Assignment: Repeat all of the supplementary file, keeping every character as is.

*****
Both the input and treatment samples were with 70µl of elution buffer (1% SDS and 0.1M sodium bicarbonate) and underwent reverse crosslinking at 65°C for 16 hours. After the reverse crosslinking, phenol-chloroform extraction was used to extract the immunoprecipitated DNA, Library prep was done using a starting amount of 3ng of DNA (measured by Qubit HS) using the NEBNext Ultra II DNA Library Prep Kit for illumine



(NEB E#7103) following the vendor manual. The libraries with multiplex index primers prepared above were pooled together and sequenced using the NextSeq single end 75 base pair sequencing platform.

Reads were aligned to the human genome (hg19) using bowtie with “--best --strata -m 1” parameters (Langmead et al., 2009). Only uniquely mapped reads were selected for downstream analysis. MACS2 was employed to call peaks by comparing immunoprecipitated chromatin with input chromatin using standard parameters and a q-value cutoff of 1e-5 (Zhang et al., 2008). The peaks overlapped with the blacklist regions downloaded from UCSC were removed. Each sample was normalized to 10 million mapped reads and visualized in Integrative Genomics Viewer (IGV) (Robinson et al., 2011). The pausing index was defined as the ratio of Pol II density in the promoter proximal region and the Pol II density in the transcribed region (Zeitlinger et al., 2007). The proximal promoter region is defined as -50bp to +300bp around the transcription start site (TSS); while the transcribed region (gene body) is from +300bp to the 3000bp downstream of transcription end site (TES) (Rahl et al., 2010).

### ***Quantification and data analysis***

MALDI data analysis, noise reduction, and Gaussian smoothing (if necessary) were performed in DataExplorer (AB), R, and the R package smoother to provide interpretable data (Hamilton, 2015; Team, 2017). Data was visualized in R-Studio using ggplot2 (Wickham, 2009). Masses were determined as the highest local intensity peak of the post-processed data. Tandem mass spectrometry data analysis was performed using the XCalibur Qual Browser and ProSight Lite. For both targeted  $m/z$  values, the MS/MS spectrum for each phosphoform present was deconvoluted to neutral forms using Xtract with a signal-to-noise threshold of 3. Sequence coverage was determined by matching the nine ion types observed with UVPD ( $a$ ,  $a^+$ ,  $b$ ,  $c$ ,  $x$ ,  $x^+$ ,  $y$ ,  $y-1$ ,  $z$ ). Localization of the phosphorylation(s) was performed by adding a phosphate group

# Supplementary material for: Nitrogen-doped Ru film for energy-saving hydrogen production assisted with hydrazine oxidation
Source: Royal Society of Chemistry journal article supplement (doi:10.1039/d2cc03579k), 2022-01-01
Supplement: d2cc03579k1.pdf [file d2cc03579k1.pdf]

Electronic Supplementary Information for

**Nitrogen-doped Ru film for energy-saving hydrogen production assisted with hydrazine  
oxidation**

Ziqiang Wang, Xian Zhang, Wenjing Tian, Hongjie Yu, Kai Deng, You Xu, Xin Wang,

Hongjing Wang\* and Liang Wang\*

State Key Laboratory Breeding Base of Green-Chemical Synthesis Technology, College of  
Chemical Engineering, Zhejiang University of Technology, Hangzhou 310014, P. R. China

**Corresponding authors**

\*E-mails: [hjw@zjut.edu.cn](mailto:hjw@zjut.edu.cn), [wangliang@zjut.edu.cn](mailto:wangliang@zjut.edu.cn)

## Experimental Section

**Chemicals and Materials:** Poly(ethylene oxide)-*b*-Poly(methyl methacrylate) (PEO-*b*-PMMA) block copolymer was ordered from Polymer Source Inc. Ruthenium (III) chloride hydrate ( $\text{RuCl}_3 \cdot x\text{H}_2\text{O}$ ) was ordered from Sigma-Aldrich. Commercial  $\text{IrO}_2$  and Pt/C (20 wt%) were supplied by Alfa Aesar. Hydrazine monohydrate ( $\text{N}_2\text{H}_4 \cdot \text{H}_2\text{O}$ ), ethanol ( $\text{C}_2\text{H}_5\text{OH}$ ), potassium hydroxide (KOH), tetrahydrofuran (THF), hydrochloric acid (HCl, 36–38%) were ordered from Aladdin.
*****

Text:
Both the input and treatment samples were with 70µl of elution buffer (1% SDS and 0.1M sodium bicarbonate) and underwent reverse crosslinking at 65°C for 16 hours. After the reverse crosslinking, phenol-chloroform extraction was used to extract the immunoprecipitated DNA, Library prep was done using a starting amount of 3ng of DNA (measured by Qubit HS) using the NEBNext Ultra II DNA Library Prep Kit for illumine



(NEB E#7103) following the vendor manual. The libraries with multiplex index primers prepared above were pooled together and sequenced using the NextSeq single end 75 base pair sequencing platform.

Reads were aligned to the human genome (hg19) using bowtie with “--best --strata -m 1” parameters (Langmead et al., 2009). Only uniquely mapped reads were selected for downstream analysis. MACS2 was employed to call peaks by comparing immunoprecipitated chromatin with input chromatin using standard parameters and a q-value cutoff of 1e-5 (Zhang et al., 2008). The peaks overlapped with the blacklist regions downloaded from UCSC were removed. Each sample was normalized to 10 million mapped reads and visualized in Integrative Genomics Viewer (IGV) (Robinson et al., 2011). The pausing index was defined as the ratio of Pol II density in the promoter proximal region and the Pol II density in the transcribed region (Zeitlinger et al., 2007). The proximal promoter region is defined as -50bp to +300bp around the transcription start site (TSS); while the transcribed region (gene body) is from +300bp to the 3000bp downstream of transcription end site (TES) (Rahl et al., 2010).

### ***Quantification and data analysis***

MALDI data analysis, noise reduction, and Gaussian smoothing (if necessary) were performed in DataExplorer (AB), R, and the R package smoother to provide interpretable data (Hamilton, 2015; Team, 2017). Data was visualized in R-Studio using ggplot2 (Wickham, 2009). Masses were determined as the highest local intensity peak of the post-processed data. Tandem mass spectrometry data analysis was performed using the XCalibur Qual Browser and ProSight Lite. For both targeted  $m/z$  values, the MS/MS spectrum for each phosphoform present was deconvoluted to neutral forms using Xtract with a signal-to-noise threshold of 3. Sequence coverage was determined by matching the nine ion types observed with UVPD ( $a$ ,  $a^+$ ,  $b$ ,  $c$ ,  $x$ ,  $x^+$ ,  $y$ ,  $y-1$ ,  $z$ ). Localization of the phosphorylation(s) was performed by adding a phosphate group

# Supplementary material for: Nitrogen-doped Ru film for energy-saving hydrogen production assisted with hydrazine oxidation
Source: Royal Society of Chemistry journal article supplement (doi:10.1039/d2cc03579k), 2022-01-01
Supplement: d2cc03579k1.pdf [file d2cc03579k1.pdf]

Electronic Supplementary Information for

**Nitrogen-doped Ru film for energy-saving hydrogen production assisted with hydrazine  
oxidation**

Ziqiang Wang, Xian Zhang, Wenjing Tian, Hongjie Yu, Kai Deng, You Xu, Xin Wang,

Hongjing Wang\* and Liang Wang\*

State Key Laboratory Breeding Base of Green-Chemical Synthesis Technology, College of  
Chemical Engineering, Zhejiang University of Technology, Hangzhou 310014, P. R. China

**Corresponding authors**

\*E-mails: [hjw@zjut.edu.cn](mailto:hjw@zjut.edu.cn), [wangliang@zjut.edu.cn](mailto:wangliang@zjut.edu.cn)

## Experimental Section

**Chemicals and Materials:** Poly(ethylene oxide)-*b*-Poly(methyl methacrylate) (PEO-*b*-PMMA) block copolymer was ordered from Polymer Source Inc. Ruthenium (III) chloride hydrate ( $\text{RuCl}_3 \cdot x\text{H}_2\text{O}$ ) was ordered from Sigma-Aldrich. Commercial  $\text{IrO}_2$  and Pt/C (20 wt%) were supplied by Alfa Aesar. Hydrazine monohydrate ( $\text{N}_2\text{H}_4 \cdot \text{H}_2\text{O}$ ), ethanol ( $\text{C}_2\text{H}_5\text{OH}$ ), potassium hydroxide (KOH), tetrahydrofuran (THF), hydrochloric acid (HCl, 36–38%) were ordered from Aladdin.